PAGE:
HARARE – The move by the National Indigenisation and Economic Empowerment Board (NIEEB) to licence local indigenous companies is more of a fundraising campaign than a genuine cause to help the struggling firms.
NIEEB, which was created to implement government’s indigenisation programme that compels foreign owned companies to cede 51 percent shareholding to local people, recently announced that indigenous companies must also get indigenisation certificates.
Both foreign and locally-owned companies operating in the country are now required to have a full compliance certificate that costs $5 000, while a provisional certificate costs $10 000 with a 100 percent indigenisation compliance certificate costing $2 000.
This is a diversion from the indigenisation agenda. Why should indigenisation, targeted at foreign-owned companies rope in local firms.
Coming at a time when the manufacturing industry is operating below 50 percent capacity, and the liquidity crisis continues to bite into the balance sheets of most companies in the country, requesting these businesses to pay in excess of $2 000 to be licensed is tantamount to extortion.
The lame excuse by NIEEB that companies with compliance certificates would be considered to participate in indigenous transactions does not hold water.
Indigenisation minister Saviour Kasukuwere, who is on record saying he wants all foreign-owned companies to indigenise or risk having their licenses cancelled, must put his house in order and stop milking local companies.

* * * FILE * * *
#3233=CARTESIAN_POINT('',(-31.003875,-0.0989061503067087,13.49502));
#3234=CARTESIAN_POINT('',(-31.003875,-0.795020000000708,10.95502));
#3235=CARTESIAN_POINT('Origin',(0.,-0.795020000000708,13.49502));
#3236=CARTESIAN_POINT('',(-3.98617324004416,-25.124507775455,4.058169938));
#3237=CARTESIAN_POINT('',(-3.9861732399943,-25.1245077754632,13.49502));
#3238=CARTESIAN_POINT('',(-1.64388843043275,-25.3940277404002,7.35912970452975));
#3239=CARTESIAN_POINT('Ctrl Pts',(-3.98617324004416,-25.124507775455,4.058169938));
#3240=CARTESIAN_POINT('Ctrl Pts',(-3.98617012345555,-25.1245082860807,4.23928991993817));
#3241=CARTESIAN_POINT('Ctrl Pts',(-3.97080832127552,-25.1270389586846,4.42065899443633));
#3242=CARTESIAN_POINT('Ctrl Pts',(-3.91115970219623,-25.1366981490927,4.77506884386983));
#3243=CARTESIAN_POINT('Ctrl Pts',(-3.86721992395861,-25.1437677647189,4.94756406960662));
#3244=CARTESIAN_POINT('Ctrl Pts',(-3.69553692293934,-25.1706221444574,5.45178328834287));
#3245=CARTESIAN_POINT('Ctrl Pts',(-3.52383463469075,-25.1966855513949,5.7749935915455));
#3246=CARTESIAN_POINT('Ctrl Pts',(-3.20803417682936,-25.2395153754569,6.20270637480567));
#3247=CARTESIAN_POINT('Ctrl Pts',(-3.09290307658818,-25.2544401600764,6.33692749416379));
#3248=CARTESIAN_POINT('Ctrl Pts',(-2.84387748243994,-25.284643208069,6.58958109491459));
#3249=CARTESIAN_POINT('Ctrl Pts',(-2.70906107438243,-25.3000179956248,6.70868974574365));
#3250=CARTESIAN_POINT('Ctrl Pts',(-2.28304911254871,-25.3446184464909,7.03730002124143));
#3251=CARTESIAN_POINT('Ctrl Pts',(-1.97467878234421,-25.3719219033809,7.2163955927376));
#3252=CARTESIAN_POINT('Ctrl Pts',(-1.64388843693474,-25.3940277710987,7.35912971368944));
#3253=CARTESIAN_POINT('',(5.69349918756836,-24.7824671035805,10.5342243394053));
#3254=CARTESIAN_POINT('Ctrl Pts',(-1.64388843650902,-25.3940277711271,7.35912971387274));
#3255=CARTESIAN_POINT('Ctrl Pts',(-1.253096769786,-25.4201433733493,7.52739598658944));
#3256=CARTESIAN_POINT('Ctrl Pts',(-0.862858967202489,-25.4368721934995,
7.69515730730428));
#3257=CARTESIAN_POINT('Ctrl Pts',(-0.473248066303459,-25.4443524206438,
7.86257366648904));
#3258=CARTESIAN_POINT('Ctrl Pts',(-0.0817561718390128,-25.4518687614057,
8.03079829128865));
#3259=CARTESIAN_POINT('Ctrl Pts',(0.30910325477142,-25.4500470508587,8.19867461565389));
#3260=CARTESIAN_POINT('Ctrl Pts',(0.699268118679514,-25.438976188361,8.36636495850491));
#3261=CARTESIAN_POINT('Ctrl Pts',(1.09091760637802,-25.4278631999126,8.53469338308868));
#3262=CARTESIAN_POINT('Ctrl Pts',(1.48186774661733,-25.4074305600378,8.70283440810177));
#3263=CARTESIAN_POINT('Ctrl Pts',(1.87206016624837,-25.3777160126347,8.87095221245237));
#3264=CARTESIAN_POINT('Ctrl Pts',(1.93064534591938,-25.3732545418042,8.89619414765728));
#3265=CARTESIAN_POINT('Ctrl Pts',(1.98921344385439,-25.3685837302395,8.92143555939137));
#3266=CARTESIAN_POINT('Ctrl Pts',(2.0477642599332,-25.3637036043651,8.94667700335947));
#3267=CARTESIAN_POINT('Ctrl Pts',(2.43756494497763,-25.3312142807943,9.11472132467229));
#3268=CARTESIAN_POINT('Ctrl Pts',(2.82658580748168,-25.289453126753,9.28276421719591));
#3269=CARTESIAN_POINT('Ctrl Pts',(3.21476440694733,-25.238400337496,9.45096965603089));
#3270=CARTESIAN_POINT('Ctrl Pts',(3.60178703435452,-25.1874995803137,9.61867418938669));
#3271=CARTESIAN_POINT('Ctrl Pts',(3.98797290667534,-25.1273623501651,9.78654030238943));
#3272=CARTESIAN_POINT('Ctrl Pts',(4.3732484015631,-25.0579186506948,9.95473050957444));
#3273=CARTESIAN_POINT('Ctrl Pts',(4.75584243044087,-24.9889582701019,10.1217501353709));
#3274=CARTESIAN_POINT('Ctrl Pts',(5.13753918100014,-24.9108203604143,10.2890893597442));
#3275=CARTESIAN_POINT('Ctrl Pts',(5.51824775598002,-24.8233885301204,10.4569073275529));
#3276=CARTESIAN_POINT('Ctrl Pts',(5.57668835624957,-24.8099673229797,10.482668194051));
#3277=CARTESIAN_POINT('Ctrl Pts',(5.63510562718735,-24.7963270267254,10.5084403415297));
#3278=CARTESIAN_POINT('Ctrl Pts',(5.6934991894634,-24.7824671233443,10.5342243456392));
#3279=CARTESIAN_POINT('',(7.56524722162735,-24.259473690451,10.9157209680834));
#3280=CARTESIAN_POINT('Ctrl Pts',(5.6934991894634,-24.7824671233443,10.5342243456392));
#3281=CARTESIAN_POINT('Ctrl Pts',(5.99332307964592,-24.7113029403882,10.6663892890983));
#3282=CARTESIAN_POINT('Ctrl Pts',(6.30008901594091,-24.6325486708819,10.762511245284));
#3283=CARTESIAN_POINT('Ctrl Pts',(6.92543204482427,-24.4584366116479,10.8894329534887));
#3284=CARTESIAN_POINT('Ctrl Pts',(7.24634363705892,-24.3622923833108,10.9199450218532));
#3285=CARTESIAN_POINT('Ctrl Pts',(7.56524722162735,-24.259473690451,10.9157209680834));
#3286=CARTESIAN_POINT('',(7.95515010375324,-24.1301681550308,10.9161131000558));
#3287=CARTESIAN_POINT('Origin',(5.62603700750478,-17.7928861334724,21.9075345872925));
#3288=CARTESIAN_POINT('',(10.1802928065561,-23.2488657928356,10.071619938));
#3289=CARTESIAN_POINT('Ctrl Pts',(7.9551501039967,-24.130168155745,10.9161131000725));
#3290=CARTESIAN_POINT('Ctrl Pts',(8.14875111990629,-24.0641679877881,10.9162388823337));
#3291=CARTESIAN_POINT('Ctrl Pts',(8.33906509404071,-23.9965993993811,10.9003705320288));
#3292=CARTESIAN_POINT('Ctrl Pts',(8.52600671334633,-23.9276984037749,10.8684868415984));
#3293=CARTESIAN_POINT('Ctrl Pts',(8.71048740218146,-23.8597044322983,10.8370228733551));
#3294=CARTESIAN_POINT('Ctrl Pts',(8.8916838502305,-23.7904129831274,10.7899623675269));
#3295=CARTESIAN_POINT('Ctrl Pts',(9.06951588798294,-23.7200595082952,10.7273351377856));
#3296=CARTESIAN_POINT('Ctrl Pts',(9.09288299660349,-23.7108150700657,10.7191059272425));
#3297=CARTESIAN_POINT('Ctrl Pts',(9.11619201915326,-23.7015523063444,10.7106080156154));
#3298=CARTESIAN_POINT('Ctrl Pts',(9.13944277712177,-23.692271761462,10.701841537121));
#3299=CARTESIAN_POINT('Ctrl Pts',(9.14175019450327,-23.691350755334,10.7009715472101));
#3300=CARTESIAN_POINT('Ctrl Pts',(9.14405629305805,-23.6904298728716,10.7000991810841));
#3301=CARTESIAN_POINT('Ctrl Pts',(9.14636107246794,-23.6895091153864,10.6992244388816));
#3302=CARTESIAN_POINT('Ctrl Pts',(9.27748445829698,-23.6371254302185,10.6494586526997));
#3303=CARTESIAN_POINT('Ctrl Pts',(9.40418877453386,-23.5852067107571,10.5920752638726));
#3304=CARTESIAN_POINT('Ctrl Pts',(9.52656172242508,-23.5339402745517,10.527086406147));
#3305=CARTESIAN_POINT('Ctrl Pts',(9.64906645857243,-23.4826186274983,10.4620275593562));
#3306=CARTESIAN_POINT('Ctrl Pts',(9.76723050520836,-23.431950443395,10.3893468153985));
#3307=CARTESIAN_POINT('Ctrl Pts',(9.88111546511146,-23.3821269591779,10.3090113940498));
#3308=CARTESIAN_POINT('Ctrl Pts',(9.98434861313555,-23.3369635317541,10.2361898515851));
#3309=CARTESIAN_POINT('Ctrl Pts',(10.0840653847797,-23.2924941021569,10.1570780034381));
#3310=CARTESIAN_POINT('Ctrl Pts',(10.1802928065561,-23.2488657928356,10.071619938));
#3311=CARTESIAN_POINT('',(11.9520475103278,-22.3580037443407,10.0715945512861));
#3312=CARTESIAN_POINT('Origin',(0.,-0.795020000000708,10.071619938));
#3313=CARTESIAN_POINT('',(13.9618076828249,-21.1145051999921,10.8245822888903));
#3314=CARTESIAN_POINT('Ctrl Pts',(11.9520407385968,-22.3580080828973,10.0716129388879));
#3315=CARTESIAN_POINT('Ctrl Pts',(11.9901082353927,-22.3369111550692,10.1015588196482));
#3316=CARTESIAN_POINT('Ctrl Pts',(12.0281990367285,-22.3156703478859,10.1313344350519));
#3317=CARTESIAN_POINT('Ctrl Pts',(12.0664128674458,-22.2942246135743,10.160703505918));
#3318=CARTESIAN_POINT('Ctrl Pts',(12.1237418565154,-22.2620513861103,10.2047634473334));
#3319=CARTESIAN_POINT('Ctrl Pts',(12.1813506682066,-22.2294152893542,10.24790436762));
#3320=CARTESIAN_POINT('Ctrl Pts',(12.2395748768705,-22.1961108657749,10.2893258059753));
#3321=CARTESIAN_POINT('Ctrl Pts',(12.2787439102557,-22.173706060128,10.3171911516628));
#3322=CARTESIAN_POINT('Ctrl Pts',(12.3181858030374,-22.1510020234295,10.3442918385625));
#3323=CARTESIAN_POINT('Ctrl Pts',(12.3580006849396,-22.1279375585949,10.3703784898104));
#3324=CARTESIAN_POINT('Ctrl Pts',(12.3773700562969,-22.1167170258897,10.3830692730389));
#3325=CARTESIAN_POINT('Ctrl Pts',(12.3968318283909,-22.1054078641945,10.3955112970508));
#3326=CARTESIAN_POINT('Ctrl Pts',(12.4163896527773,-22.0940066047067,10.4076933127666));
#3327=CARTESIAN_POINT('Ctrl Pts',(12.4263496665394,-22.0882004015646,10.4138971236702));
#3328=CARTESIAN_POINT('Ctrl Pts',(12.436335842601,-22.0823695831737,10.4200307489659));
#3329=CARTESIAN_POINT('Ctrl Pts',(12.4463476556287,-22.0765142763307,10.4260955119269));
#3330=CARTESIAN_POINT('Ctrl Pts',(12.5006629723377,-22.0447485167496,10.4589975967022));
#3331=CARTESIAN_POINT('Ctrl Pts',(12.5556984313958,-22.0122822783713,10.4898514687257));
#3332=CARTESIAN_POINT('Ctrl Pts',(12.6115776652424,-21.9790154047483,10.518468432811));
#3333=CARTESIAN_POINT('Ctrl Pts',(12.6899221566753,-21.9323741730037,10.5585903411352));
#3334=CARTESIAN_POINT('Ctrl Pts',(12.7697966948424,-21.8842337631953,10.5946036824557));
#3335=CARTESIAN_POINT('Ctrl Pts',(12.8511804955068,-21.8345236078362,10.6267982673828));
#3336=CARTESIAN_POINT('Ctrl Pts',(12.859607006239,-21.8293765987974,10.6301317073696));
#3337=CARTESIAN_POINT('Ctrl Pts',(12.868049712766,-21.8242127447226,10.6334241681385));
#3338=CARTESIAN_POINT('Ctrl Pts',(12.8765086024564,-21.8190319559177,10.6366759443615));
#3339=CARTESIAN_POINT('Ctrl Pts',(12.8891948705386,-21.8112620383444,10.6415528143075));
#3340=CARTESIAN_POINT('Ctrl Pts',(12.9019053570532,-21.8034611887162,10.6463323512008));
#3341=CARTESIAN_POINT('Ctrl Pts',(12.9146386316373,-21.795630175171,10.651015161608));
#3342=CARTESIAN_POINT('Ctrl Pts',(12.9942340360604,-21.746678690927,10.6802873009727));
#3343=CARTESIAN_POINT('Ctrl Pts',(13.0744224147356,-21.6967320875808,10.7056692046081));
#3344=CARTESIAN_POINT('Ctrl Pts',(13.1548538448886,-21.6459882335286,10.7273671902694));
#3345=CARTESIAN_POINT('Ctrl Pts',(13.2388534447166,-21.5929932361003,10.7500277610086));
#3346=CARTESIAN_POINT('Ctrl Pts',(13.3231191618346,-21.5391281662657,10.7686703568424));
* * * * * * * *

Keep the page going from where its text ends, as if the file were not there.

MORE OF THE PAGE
Unconfirmed reports say more than 200 companies have closed shop since the introduction of multi- currency and more firms are expected to shut down as labour disputes and stiff competition from cheap imports continue unabated.
It would make sense for NIEEB to use its Empowerment Fund to provide liquidity to embattled local companies to procure latest machinery and for retooling purposes so that they can be competitive.
Not getting money out of them!
Last week, NIEEB chairperson Retired Lieutenant generalMike Nyambuya was bragging that the Empowerment Fund is now worth close to $2 billion and is expected to double to $4 billion by year end.
Instead of liquidating these assets and injecting cheap money into the economy, it seems the Indigenisation ministry is bent on reducing the cake rather than expanding it for the benefit of everyone.
Kumbirai Katsande, Confederation of Zimbabwe Industries president sums up nicely the dilemma we are facing as a country due to policy inconsistencies and greediness on the part of government.
Katsande said world over; countries are converging to better macro-economic policies — control of budget deficits, healthy external payment balances, lower inflation and enhanced investment climate.
“As a country, we are still to accept the need for this discipline. This will be part of our undoing. Prosperity and poverty are the results of policy choices and not resource endowment,” he said. – Staff Writer